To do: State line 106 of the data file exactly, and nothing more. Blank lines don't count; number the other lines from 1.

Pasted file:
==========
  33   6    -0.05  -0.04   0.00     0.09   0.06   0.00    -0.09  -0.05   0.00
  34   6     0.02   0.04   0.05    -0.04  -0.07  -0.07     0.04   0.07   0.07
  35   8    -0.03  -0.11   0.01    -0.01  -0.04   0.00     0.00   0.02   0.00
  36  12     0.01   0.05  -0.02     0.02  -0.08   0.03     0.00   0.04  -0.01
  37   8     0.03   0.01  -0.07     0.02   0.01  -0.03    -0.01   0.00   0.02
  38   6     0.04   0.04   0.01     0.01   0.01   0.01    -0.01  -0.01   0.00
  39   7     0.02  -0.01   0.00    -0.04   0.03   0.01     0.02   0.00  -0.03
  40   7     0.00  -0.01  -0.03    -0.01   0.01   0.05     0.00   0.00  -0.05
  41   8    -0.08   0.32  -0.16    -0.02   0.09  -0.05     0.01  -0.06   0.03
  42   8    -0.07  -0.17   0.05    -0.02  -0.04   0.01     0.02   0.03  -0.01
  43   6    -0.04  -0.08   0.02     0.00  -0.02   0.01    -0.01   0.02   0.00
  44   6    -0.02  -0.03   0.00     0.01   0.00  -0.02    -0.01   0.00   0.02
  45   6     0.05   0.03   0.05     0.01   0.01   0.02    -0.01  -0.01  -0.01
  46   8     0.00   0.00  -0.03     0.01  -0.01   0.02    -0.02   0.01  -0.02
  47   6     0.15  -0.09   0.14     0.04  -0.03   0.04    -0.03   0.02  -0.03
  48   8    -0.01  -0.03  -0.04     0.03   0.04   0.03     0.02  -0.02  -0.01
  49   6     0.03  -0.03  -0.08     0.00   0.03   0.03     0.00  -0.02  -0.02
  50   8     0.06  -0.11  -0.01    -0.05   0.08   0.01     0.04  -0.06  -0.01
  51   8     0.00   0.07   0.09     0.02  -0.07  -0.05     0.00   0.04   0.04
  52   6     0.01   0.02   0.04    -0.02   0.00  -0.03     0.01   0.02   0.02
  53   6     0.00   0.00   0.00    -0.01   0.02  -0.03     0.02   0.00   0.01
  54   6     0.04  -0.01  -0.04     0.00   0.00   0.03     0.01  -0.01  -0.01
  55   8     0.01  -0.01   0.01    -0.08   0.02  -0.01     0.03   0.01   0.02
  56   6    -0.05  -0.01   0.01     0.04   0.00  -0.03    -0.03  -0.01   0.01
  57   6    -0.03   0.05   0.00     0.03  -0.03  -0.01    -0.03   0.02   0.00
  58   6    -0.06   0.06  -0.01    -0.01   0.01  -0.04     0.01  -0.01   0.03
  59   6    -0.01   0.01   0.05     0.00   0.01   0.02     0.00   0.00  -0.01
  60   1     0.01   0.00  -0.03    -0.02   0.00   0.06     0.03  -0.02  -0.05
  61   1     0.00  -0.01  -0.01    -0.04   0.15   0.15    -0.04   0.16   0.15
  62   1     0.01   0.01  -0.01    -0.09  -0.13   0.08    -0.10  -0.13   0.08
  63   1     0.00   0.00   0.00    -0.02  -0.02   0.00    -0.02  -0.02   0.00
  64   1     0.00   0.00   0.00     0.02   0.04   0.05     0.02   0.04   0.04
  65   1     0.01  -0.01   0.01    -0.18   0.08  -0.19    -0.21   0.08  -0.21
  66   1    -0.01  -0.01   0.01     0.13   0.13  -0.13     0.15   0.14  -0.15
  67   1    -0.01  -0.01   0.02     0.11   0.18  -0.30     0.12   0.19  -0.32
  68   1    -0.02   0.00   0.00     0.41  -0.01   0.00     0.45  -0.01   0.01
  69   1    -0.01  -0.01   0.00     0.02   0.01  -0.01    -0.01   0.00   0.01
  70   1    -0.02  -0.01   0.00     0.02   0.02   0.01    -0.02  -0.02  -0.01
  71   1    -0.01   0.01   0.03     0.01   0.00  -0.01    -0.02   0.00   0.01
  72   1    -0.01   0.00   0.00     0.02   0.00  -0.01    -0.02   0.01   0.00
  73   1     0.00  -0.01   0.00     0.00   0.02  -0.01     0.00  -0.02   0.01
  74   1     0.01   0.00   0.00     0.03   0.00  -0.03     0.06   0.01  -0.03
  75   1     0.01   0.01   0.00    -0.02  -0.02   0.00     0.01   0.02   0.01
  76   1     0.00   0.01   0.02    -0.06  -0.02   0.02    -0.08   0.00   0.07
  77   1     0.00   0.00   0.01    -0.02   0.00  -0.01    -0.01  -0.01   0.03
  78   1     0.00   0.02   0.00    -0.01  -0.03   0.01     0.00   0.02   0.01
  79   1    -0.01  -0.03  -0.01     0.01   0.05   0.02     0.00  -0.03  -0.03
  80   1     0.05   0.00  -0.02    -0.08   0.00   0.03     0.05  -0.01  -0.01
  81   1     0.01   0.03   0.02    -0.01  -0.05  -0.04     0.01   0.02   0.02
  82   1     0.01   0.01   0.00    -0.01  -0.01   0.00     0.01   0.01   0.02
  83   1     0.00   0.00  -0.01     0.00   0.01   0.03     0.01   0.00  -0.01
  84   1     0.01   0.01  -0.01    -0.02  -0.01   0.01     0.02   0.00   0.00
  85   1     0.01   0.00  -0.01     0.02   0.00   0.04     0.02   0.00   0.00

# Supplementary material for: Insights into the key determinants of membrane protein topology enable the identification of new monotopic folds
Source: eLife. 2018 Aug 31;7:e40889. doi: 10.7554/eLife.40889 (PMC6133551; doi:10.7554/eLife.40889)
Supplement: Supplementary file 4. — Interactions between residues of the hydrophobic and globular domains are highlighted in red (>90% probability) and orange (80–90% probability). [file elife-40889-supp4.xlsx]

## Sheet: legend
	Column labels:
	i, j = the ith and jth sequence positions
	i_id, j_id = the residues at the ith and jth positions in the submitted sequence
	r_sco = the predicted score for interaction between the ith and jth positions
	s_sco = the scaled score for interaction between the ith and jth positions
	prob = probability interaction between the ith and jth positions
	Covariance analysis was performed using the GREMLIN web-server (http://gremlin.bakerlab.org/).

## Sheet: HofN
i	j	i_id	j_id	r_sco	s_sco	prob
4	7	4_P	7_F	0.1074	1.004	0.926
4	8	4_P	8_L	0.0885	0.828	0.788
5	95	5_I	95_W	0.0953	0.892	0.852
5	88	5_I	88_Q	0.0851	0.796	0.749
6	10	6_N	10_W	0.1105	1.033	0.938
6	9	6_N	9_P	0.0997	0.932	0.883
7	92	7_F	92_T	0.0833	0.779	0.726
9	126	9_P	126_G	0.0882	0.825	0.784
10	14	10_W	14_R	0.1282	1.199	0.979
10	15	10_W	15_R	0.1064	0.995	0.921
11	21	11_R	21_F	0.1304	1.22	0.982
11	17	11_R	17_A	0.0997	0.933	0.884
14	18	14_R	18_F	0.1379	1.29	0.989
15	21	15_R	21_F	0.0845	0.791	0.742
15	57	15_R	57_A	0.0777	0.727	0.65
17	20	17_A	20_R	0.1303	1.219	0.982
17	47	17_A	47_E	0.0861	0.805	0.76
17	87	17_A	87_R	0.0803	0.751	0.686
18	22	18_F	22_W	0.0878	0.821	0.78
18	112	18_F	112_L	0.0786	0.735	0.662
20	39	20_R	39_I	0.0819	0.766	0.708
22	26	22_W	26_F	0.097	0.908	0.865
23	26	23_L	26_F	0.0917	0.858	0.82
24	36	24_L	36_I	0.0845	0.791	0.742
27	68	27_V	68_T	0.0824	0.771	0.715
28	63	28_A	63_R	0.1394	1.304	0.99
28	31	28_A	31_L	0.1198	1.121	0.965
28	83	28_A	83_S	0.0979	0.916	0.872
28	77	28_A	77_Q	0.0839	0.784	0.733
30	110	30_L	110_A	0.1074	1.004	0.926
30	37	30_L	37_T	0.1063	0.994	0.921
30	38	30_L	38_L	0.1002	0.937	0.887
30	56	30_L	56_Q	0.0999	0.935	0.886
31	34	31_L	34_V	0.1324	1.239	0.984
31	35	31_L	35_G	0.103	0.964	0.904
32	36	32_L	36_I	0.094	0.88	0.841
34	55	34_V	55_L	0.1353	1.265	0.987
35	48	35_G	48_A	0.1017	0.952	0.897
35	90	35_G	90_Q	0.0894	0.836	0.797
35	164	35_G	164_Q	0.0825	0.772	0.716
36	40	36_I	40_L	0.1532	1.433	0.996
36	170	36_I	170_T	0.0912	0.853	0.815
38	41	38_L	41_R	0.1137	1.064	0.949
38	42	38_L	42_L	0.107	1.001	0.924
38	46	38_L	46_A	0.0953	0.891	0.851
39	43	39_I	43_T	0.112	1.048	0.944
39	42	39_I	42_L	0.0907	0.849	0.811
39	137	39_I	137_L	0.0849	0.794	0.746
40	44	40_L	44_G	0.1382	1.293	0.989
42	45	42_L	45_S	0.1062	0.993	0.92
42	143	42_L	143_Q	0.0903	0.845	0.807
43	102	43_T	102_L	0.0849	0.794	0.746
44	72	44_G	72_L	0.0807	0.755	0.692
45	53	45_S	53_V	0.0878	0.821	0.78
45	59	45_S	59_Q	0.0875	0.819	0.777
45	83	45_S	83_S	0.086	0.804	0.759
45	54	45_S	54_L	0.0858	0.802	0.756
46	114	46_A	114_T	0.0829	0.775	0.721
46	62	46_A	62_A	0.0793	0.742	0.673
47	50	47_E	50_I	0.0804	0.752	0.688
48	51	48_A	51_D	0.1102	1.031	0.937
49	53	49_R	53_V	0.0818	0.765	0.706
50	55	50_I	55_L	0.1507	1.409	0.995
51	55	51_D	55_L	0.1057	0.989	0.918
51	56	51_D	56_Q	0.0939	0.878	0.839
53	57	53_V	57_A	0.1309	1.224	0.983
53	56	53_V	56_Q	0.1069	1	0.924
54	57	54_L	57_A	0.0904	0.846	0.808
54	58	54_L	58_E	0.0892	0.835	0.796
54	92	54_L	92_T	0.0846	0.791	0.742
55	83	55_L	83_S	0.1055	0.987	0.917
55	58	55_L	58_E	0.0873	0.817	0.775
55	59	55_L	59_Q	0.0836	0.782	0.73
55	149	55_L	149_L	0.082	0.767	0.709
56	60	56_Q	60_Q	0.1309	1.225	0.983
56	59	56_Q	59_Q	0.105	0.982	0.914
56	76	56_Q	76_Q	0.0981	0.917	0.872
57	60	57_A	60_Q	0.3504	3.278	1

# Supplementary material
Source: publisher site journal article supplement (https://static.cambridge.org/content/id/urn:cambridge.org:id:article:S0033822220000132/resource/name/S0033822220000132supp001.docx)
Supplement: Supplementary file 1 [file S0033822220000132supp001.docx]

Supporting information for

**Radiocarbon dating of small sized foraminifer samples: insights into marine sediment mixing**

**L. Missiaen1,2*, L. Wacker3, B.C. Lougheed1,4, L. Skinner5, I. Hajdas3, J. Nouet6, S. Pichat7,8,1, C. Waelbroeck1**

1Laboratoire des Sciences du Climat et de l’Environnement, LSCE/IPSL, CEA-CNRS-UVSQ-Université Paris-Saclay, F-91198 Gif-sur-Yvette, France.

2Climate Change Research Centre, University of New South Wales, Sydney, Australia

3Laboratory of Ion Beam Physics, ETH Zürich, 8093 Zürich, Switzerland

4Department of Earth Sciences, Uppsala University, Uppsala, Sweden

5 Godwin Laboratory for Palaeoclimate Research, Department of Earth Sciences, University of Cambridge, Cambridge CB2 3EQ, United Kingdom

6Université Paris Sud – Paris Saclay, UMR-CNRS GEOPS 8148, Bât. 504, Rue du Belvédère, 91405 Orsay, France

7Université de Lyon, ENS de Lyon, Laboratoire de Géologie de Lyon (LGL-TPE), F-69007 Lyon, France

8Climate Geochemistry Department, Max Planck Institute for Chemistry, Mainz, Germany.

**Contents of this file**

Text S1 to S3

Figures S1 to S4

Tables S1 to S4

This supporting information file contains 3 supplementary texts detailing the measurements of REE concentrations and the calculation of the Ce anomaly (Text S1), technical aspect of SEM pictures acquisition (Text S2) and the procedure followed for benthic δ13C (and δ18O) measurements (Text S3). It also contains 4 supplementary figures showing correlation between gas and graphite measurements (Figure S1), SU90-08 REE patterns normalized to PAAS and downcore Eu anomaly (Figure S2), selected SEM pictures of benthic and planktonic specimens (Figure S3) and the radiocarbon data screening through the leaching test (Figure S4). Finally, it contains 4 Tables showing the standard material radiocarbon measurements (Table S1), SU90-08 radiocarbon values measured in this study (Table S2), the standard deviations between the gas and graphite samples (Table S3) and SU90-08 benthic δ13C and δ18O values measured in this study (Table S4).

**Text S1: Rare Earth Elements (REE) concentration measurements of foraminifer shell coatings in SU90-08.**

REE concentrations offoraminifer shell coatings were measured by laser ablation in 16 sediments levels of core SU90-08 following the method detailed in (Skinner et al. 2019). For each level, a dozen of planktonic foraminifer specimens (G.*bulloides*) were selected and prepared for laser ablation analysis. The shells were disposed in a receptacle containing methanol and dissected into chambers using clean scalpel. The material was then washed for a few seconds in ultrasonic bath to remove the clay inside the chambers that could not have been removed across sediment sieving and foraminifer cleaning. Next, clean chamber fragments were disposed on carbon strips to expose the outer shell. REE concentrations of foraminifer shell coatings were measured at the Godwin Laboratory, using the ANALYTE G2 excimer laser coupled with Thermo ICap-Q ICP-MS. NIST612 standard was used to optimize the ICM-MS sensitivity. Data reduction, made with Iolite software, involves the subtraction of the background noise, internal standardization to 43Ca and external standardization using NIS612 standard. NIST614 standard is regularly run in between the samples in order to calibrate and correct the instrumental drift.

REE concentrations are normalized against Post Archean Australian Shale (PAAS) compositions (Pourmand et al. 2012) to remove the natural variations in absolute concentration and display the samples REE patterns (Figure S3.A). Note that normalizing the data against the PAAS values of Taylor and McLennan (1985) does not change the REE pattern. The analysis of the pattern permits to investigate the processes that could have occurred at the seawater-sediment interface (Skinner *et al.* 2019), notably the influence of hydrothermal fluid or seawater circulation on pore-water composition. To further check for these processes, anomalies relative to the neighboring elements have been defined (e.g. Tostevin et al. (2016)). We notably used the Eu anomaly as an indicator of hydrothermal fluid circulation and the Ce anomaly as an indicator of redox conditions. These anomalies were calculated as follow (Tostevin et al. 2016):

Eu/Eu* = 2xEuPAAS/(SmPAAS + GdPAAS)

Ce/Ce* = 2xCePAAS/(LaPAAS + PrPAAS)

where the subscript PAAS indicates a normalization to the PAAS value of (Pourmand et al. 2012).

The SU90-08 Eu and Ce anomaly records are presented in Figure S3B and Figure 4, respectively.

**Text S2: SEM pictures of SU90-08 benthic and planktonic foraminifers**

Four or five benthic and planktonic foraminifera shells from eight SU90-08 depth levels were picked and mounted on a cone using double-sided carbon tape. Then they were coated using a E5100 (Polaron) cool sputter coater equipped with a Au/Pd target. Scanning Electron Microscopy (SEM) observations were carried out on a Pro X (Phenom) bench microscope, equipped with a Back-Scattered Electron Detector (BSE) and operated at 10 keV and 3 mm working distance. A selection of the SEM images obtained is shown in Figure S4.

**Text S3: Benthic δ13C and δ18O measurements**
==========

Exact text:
35	164	35_G	164_Q	0.0825	0.772	0.716